On this date, The Crystal palace opened in London. The purpose of the exhibition was to show off the innovations/inventions from the British Empire. It was an international exhibition that showed the innovations from many nations.
  • Treaty of Kanagawa

    Treaty of Kanagawa
    On this date, the treaty of Kanagawa was signed between the US and Japan. This treaty was a trade treaty that ended Japanese isolation. Matthew Perry and a gunboat diplomacy was sent by the US to negotiate this treaty.
  • Death of Prince Albert

    Death of Prince Albert
    On this date, the husband of Queen Victoria (Prince Albert) died. For the rest of her life, Queen Victoria dressed in black. Subsequently, Queen Victoria influenced the mourning rituals of the Victorian era.
  • John Deere’s Steel Plow

    John Deere’s Steel Plow
    On this date, the steel plow was patented by John Deere. Moving plows from wood to steel made it way easier to plow tough soil. The steel plow and many other new innovations made food production increase. Today, the John Deere company is still significant in agriculture.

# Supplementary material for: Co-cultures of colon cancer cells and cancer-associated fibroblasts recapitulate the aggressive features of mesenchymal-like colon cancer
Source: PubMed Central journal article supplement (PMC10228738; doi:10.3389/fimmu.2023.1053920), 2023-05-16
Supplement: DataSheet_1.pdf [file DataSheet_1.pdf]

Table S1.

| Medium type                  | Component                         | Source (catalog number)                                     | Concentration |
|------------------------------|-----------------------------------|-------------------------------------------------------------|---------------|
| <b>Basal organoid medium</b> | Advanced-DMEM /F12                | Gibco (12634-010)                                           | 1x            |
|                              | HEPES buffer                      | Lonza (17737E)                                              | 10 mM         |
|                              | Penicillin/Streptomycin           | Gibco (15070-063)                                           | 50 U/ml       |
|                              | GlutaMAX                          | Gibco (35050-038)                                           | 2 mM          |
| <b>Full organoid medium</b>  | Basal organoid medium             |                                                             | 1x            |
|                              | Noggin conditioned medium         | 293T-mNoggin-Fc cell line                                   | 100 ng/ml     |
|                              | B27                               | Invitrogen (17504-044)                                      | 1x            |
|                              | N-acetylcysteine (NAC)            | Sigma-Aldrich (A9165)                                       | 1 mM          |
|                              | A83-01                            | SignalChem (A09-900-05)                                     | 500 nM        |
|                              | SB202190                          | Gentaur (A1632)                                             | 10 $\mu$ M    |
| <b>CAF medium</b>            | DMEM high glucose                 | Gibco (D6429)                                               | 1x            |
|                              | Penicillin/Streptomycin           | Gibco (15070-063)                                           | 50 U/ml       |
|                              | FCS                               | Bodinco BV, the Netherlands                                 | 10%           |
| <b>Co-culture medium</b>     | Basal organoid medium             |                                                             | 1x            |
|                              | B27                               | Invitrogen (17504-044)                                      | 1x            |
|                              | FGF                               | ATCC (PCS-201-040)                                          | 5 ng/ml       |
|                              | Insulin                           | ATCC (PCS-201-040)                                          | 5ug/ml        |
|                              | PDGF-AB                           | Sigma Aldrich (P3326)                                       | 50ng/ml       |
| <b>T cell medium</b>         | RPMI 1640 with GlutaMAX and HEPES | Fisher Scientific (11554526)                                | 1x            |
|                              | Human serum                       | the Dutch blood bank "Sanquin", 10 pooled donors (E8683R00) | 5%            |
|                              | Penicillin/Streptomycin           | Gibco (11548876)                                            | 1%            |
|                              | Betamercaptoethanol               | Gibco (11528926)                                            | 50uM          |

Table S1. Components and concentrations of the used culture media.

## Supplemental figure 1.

• David Livingston is Found

    David Livingston is Found
    Dr. David Livingston was a man from Scotland who did humanitarian and religious work in Africa. Livingston went missing for 6 years with no contact. Henry Stanley was a explorer that found Livingston in Ujiji. Stanley’s newspaper reports created European interest in Africa.
  • The Patent of the Telephone

    The Patent of the Telephone
    On this date, the telephone was patented by Alexander Graham Bell. He used electricity to transmit sounds over distance. These early telephones were wet up in a network within a small geographic area. An individual would have to manually connect wires to each other through a switchboard so two people could talk to each other.
  • The Patent of the Light Bulb

    The Patent of the Light Bulb
    On this date, the light bulb was patented by Thomas Edison. Thomas Edison is often credited with creating the first light bulb because he created the carbon-filament light bulb. This light bulb was widely accepted.
  • Treaty of Shimonoseki

    Treaty of Shimonoseki